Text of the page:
This is a “Rerun” post from the original blog – I’ll be putting these up here and there alongside the new posts but with their original date of publishing.
I’ve tried several different configurations of Santa’s traditional fur boot tops with mixed success. The last two years I took an approach similar to the hood of my jacket – got a cheap pair of chunky boots with relatively soft tops, punched holes through them at intervals, then tied extra-strong thread through them with a little bell on either side as a keeper (in similar circumstances you’d often use buttons). It didn’t look quite right and wasn’t very strong, the fur starting to separate from the boots quite quickly as they flexed.
This year I wanted something more robust, and which really looked like a fur top to the boot. I wasn’t quite in the market for knee high boots (future upgrade) but I got some nine hole patrol boots off Amazon for £20 and painfully broke them in over a couple of weeks, with the usual sacrifice to the boot gods of ankle hair and heel skin, then I added the fur.
I’ll show the steps here in detail in case anyone else wants to replicate it – this is a really convenient, good-looking and robust boot topper.A pair of suitable bootsLong socks, ideally thick wool hiking socks – they need to come up your ankle *above* the boot as far as you want the fur to come *down* the boot.White furSewing needles and thread
1. Calculate the fur band width and length. This should be:
Length: The measurement round the top of your boot while you’re wearing it. You’ll almost certainly want to tuck your trousers into your boots, so do that before measuring.
Width: The distance you want the fur to come down the outside of the boot, plus the distance you want it to come down the inside (only needs a few centimeters, I allowed 4cm for a bit of leeway), plus a centimeter or so for the thickness of the boot.
2. Cut out two fur strips to these dimensions.
3. Sew the fur strips into loops. I just fold them in half with the backing outward and overstitch the ends, tucking the fur in to keep it clear of the stitches.
4. Take a sock, right way out, then turn the top down as far as the full fur band width.
5. Place one of the bands around the sock with the fur pointing towards the heel of the sock (I got it wrong in these two pictures!).
6. Backstitch a vertical line of stitches holding the fur to the folded over portion of the sock. The easiest way I’ve found is to start at the top and work down to the hem of the sock, with a couple of fingers underneath the folded over top to help the needle through.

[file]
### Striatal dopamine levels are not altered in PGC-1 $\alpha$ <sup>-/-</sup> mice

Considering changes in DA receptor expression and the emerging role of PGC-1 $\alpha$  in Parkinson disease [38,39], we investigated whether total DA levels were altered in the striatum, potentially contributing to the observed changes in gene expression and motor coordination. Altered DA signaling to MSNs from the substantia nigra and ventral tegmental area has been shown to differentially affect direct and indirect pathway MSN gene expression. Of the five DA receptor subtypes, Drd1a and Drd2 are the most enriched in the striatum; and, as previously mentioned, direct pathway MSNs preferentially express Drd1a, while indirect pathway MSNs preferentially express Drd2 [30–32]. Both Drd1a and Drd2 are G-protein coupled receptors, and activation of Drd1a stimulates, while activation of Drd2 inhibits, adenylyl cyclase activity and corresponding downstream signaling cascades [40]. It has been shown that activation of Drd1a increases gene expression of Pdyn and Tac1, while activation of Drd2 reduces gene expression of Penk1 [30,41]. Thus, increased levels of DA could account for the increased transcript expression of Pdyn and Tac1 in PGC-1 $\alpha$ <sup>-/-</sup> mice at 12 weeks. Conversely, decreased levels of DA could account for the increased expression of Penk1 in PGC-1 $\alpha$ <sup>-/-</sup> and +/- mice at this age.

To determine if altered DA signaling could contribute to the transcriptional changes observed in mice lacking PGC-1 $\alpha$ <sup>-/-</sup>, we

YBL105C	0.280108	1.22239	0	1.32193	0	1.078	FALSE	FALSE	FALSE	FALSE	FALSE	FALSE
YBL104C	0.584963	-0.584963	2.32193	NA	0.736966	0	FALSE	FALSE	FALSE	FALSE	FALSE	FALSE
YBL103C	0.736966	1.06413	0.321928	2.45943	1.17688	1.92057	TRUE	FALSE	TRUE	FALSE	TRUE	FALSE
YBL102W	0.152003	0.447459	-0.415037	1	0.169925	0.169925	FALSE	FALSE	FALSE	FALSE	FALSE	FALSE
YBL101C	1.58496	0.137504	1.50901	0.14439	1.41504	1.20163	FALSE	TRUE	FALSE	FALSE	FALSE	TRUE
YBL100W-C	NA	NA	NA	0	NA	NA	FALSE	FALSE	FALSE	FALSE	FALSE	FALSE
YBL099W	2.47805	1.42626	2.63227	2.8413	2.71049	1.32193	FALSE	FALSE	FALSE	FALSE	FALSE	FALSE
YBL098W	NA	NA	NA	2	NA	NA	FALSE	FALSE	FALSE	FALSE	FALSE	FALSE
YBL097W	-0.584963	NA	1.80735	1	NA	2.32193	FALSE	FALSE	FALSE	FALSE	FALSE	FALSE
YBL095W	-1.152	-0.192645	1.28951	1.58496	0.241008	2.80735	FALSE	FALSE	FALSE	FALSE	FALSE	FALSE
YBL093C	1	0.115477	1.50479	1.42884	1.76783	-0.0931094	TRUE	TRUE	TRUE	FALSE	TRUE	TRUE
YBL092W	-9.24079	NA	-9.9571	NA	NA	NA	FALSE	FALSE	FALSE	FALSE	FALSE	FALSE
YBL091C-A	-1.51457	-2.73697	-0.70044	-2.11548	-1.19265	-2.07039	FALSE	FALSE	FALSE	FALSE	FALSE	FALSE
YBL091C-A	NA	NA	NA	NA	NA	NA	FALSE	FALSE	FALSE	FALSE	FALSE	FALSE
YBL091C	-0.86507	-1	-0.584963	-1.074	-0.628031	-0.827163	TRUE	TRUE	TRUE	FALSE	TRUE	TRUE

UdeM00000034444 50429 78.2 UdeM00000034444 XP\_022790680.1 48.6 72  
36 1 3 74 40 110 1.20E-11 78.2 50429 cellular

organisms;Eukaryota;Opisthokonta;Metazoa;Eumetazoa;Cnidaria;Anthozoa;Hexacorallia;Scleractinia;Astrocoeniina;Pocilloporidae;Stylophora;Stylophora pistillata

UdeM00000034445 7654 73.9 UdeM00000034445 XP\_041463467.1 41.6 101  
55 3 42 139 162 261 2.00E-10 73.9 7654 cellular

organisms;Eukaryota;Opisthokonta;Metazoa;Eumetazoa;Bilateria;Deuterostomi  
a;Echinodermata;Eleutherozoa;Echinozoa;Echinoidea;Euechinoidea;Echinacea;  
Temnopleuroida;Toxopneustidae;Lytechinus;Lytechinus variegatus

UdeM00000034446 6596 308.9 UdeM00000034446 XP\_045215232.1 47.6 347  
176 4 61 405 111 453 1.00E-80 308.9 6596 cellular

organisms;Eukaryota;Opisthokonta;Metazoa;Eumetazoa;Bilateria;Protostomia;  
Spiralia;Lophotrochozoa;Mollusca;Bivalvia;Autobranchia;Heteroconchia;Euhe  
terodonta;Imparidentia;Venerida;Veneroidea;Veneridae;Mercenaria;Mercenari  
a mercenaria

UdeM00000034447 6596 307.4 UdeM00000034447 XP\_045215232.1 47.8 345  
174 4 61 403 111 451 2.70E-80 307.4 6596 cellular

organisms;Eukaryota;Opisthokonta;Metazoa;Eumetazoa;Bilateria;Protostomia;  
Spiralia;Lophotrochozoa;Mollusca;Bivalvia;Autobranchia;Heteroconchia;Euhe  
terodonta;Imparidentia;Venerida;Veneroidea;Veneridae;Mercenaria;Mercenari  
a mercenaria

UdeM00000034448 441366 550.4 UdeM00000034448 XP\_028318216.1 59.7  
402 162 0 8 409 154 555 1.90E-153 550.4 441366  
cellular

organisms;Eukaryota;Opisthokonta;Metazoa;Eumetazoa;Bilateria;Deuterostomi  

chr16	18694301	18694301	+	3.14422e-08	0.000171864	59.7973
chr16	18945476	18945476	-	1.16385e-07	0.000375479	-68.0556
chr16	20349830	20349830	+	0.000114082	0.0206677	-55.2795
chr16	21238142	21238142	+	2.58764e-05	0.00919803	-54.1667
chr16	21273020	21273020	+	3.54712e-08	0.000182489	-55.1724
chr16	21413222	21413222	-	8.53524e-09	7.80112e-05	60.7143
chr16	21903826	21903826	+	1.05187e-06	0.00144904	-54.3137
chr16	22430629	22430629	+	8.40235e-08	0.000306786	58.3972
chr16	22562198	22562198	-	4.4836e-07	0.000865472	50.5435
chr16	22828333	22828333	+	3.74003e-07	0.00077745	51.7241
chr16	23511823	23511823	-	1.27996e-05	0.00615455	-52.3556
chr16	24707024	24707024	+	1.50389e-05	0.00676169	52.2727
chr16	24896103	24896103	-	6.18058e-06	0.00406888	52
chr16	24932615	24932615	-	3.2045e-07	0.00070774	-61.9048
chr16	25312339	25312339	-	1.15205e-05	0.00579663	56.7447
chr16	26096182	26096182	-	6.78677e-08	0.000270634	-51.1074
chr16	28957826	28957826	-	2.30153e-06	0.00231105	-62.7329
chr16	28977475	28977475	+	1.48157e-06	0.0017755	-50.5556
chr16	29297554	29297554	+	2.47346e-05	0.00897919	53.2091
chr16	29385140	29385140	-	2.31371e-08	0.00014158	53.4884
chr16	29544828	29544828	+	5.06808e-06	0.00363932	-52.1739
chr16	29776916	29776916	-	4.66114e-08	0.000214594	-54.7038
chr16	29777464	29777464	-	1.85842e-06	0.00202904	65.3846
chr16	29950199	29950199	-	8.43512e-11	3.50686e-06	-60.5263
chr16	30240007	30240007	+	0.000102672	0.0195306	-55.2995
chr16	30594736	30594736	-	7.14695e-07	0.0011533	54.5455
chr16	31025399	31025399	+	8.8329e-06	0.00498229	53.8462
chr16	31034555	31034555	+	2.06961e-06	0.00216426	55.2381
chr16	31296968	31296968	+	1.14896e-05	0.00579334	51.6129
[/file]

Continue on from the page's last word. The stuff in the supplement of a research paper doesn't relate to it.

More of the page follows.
Although you’re working on the fur side which is usually not ideal, stitching as vertically as you can you should be able to brush the fur aside and have it close over the stitches afterwards, making them almost invisible.
The line of stitches can be anywhere on the sock, but then repeat this on exactly the opposite side on both the sock and the fur, so you’ll end up with a loose loop of fur on each side – these need to be as close to the same size as possible. This will allow the sock to expand evenly all round to cover the boot top.
7. Repeat with the other sock.
Your boot toppers are ready to wear! I recommend putting them on like this:
1. Put your santa trousers on. I got 42 inch waist black jeans (I’m about a 32 inch waist normally) so they expand nicely over the boots, cinched in tightly at the waist with a belt.
2. With socks the right way out (fur will be on the inside), put them on, with the top folded down then push them down below your ankle.
3. Wrap the trousers tightly against your ankle, and pull the socks up all the way over them to hold them in place (fur now on the inside). This will also showcase your beautifully neat vertical backstitch (ahem).
4. Put the boots on and lace them up.
5. Fold the socks down over the boots.
6. If you’re wearing oversized trousers, try and pull them out and even out the folds to get a good baggy expansion above the boots for that perfect santa profile.
The suit is complete! (for this year at least)
Which means there’s only one thing left to do…
Thank you so much for following my Eight Days of Santacraft! I hope you’ve gained something from it – at least a bit of entertainment, and maybe some ideas for your own costumes or crafting projects. A special thanks for those of you who’ve shared and promoted these posts and helped me grow the site – I really appreciate it.
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